Fund for those to hurt by BP Gulf spill up and running

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Indy Lifestyle Online

A 20-billion dollar fund to compensate people who suffered financial damages from the BP oil spill got up and running Monday, amid worries from some potential claimants that the new system will pay them less than the money they're due.

The new Gulf Coast Claims Facility (GCCF) led by the Washington attorney Ken Feinberg, replaces a claims process that had been handled by BP.

The oil giant said earlier this month that it had paid out 368 million dollars before transferring responsibility for the claims process to the GCCF.

Feinberg who is charged with independently overseeing the new escrow fund set up by BP, in a statement Monday that his goal is to "help people on the path to rebuilding their lives."

He said he aims to quickly turn around individual, as well as business claims for emergency compensation related to the massive Gulf of Mexico spill.

"I want to make sure the people in the Gulf understand we will not let you go out of business or lose your home. The number one priority of the GCCF is to assist the people in the Gulf," said Feinberg.

The high power attorney has made a specialty of mediation law, and is a former administrator for Agent Orange claims stemming from the Vietnam War, as well as claim filed after the September 11, 2001 terror attacks.

Feinberg added that claims can be filed over lost wages and profits, business interruption as well as personal injuries.

He said the fund will issue emergency six-month payment checks within 48 hours for individuals and seven days for businesses, "after receipt of the claim form and sufficient supporting documentation."

The GCCF was established in June as part of an agreement between the Obama Administration and BP to assist claimants in filing claims for costs and damages incurred as a result of the oil spill stemming from the Deepwater Horizon explosion on April 20.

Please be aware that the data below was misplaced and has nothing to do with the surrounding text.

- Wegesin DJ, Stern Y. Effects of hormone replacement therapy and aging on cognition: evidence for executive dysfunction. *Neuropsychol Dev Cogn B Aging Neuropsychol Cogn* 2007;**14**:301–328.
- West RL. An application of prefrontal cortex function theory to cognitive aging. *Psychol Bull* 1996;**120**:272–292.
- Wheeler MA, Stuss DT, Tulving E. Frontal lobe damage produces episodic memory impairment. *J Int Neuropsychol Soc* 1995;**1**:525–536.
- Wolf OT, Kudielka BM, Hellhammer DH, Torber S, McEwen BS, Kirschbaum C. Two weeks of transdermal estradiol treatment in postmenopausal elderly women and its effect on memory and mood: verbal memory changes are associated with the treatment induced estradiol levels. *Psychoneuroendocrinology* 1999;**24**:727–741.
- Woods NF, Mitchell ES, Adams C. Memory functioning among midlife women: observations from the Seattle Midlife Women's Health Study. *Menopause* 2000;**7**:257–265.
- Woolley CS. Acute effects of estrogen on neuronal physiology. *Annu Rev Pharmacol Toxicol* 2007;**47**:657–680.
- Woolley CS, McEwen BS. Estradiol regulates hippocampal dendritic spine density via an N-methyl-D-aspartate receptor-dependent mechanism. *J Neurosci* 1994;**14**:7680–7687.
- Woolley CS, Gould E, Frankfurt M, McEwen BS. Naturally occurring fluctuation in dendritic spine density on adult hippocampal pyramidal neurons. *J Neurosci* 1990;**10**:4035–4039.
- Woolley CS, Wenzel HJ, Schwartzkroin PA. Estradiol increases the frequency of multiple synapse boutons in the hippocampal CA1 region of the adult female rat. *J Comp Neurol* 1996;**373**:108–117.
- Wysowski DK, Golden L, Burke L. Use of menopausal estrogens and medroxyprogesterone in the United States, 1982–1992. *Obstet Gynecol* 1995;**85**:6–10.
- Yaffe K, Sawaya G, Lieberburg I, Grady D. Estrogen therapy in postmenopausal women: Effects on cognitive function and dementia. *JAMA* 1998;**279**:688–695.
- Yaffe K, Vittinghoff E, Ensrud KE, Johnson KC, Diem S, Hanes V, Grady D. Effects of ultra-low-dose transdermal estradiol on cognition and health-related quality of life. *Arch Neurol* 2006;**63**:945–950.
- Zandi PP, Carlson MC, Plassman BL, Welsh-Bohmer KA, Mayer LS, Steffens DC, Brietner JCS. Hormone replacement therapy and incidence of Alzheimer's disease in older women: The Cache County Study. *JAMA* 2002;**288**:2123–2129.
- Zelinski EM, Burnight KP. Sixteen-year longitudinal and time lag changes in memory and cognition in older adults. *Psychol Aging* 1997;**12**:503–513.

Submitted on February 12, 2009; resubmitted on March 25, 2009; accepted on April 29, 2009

Feinberg told members of Congress last week that he hopes to discourage claimants from using the courts to sue BP - a process he said is both labor and time-consuming.

"I don't want people going to court," Feinberg told the House Committee on Small Business.

"I want people coming to the fund. Why should a claimant spend five years in court ... and owe money to a lawyer rather than come into the Gulf Coast claims facility" and get a payment settled quickly and relatively easily, he said.

But Florida attorney general Bill McCollum on Friday sent a letter to Feinberg criticizing the claims protocol, saying that residents of his state and other Gulf Coast communities were likely to be worse off than they were when filing claims directly to BP - a process he described as deeply flawed, but preferable to the new procedures.

"The current process appears to be even less generous to Floridians than the BP process. Such an outcome is completely unacceptable," he said.

Among other shortcomings, McCollum, a Republican who is running to become Florida's governor, complained that the new protocol includes language requiring a claimant to show that his or her damages were "proximately caused" by the oil spill.

He said that is something not every establishment can do - especially those not directly on the Gulf but which might still have seen a fall-off in business.

"Although the leak has stopped, the Deepwater Horizon Spill is an ongoing environmental disaster, not a onetime event," McCollum wrote in his letter to Feinberg.

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